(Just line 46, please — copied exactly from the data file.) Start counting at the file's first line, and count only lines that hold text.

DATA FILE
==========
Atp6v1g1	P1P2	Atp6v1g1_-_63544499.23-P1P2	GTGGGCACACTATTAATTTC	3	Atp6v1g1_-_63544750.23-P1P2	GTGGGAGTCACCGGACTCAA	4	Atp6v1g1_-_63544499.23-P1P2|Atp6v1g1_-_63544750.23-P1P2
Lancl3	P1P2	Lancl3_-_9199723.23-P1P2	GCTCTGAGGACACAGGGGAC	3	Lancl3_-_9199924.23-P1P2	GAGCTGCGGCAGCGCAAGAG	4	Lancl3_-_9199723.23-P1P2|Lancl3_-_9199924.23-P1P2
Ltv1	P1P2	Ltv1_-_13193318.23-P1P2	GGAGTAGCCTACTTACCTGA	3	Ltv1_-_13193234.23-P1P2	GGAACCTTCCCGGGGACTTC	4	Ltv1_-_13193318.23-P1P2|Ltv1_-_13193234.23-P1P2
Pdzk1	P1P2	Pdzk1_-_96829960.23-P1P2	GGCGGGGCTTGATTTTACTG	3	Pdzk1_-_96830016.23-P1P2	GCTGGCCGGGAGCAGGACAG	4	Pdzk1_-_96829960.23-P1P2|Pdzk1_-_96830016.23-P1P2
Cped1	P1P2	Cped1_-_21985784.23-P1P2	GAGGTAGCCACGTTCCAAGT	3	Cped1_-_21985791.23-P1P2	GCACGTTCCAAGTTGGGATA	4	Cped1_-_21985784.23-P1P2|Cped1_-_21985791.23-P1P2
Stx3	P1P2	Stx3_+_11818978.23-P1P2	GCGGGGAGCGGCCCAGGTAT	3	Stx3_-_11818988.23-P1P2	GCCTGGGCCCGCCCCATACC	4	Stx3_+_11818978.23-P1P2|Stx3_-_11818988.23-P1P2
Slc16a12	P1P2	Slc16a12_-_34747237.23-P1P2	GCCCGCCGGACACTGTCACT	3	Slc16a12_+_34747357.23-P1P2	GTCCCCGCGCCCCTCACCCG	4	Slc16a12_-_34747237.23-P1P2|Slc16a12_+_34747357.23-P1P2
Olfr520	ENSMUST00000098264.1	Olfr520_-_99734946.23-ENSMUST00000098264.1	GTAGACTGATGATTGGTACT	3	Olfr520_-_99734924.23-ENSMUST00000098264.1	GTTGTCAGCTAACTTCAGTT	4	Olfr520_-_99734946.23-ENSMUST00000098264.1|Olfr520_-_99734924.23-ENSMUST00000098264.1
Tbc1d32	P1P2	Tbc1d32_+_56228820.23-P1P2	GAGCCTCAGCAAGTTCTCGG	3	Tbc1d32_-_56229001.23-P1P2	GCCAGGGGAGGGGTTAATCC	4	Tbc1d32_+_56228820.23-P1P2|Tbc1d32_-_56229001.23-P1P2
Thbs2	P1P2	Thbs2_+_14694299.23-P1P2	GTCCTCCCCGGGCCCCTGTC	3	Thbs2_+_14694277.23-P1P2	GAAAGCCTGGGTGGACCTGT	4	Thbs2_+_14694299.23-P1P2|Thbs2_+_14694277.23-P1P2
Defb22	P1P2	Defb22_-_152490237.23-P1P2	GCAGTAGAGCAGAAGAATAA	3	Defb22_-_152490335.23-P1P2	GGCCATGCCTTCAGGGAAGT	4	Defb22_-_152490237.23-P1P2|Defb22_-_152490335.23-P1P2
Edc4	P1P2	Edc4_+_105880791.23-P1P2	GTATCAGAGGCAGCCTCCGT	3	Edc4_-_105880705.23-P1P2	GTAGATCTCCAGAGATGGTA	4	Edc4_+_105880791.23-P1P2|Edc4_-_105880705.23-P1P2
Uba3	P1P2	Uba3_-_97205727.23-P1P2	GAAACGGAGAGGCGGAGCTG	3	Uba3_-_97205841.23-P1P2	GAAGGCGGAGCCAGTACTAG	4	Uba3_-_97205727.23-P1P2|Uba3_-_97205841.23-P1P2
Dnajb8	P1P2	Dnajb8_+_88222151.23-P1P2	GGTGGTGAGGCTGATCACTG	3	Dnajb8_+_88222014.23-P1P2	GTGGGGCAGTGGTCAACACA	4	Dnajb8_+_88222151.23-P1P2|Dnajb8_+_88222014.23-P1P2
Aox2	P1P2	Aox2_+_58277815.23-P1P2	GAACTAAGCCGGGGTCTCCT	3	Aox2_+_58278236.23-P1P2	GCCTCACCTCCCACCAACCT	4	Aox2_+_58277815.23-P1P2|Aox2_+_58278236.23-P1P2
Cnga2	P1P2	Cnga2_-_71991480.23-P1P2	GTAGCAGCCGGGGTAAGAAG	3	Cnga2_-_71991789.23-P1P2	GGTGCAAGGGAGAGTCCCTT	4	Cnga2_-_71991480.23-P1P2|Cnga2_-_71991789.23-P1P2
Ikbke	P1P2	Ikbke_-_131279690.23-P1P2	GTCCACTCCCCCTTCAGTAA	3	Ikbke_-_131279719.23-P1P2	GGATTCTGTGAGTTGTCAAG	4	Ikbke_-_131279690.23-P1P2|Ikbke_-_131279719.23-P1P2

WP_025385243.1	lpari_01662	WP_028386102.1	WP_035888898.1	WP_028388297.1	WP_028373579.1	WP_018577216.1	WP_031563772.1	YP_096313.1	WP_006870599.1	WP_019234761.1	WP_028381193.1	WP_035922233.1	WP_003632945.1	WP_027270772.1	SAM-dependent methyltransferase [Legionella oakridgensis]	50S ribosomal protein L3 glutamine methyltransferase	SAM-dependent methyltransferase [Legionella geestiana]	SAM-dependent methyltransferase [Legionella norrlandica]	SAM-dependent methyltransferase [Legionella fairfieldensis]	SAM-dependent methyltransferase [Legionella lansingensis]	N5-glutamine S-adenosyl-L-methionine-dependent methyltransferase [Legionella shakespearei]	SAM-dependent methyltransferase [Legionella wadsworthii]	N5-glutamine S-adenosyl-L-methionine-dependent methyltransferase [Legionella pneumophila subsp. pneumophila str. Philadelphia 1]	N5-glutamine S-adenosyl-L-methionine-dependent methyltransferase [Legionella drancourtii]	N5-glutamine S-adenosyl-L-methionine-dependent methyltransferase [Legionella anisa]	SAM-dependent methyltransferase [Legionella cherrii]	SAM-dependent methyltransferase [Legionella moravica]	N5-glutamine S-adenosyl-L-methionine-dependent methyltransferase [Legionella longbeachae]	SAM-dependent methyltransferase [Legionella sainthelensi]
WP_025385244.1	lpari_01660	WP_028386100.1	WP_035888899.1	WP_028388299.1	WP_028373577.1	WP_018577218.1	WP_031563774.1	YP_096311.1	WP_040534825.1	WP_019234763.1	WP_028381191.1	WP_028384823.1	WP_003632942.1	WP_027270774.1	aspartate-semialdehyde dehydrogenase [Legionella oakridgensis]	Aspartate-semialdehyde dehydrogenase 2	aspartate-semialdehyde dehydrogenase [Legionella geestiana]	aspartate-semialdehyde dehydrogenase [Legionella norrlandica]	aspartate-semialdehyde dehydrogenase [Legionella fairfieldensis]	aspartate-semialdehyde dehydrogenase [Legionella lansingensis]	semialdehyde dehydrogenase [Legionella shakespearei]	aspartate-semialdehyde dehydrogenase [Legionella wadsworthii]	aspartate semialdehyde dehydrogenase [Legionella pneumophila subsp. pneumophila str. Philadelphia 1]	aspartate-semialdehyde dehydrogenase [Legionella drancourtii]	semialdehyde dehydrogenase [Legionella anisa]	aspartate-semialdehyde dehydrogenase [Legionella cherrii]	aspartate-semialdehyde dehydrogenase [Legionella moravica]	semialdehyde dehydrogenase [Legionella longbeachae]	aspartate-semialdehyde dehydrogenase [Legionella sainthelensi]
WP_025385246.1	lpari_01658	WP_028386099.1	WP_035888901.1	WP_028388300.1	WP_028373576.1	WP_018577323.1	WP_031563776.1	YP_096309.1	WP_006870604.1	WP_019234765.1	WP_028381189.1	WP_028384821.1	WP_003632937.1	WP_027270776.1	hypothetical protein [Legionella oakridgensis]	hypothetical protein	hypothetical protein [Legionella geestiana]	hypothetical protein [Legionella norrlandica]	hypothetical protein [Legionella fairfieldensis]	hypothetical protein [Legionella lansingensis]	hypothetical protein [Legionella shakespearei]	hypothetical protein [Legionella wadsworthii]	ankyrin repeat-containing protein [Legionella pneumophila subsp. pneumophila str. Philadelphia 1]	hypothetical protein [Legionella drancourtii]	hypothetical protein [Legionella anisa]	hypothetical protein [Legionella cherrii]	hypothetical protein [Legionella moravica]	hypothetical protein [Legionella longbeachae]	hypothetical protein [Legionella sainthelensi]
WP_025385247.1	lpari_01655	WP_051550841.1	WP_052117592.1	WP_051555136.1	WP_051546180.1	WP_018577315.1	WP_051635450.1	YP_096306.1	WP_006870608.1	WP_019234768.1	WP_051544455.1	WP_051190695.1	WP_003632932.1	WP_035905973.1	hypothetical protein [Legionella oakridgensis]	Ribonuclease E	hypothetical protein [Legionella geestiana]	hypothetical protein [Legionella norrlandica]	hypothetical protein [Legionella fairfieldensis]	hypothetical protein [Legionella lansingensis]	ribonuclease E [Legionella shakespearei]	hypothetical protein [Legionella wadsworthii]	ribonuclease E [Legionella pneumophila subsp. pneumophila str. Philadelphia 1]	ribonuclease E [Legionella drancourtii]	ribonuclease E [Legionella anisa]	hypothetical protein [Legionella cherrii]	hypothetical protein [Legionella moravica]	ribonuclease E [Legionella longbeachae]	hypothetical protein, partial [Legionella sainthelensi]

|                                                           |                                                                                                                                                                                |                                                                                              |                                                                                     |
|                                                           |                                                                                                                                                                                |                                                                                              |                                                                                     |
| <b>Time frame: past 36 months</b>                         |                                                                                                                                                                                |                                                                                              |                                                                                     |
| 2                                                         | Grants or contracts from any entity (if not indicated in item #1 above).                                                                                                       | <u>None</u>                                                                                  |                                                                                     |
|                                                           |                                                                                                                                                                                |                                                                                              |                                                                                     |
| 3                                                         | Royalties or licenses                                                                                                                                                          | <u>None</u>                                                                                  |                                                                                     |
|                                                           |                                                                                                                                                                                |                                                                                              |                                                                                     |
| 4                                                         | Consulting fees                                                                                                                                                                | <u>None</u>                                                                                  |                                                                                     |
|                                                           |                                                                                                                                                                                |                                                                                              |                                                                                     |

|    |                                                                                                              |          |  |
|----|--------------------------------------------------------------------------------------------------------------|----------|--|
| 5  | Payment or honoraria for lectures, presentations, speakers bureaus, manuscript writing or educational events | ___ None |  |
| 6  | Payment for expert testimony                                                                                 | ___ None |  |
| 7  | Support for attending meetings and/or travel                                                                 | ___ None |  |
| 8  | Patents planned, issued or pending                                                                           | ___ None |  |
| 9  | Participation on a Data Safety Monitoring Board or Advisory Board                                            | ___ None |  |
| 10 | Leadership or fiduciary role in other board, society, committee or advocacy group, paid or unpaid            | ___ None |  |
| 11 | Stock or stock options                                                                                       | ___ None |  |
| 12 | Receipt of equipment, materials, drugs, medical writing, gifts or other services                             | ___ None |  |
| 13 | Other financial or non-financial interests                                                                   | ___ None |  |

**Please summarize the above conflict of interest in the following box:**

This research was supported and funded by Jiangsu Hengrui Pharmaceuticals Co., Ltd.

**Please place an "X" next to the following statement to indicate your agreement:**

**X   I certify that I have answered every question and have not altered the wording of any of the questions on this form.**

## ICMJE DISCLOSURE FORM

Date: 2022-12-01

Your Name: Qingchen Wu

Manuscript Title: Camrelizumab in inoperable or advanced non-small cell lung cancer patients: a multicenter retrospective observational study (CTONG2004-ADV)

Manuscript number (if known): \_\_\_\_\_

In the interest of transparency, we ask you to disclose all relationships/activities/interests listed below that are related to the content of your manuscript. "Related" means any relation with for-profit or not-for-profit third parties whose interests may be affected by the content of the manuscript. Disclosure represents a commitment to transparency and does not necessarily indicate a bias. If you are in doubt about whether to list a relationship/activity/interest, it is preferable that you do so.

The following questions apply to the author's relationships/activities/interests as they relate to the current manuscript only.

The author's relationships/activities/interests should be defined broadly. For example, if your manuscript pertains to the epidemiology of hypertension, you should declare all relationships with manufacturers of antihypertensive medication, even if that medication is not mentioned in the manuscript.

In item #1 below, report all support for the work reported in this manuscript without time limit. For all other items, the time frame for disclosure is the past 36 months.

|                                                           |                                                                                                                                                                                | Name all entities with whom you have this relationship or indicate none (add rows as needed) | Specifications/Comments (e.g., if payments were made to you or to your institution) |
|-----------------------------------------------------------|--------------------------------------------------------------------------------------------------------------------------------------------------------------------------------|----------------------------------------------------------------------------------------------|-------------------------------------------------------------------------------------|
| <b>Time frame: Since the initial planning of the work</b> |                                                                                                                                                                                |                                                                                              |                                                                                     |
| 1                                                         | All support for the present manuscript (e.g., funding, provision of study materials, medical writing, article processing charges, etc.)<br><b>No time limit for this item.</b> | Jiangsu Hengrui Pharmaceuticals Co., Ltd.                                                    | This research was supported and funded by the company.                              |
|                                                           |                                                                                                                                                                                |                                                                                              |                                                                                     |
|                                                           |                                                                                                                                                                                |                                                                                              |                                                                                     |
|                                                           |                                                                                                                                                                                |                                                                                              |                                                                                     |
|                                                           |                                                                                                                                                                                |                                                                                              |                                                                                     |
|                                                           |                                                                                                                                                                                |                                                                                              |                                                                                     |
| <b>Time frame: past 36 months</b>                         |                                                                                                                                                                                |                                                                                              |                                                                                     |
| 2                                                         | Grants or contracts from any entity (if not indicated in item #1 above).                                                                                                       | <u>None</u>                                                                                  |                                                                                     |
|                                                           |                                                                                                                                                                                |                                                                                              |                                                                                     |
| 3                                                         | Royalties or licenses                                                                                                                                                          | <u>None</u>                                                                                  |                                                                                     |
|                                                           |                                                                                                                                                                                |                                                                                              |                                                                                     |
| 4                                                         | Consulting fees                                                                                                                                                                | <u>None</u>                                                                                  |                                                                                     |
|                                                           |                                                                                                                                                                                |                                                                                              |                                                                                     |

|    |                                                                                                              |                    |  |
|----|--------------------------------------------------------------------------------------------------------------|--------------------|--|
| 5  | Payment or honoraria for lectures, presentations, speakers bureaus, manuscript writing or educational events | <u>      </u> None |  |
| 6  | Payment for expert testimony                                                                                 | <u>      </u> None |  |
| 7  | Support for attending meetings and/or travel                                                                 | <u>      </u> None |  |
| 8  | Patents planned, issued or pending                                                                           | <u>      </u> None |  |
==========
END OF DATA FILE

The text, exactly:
## ICMJE DISCLOSURE FORM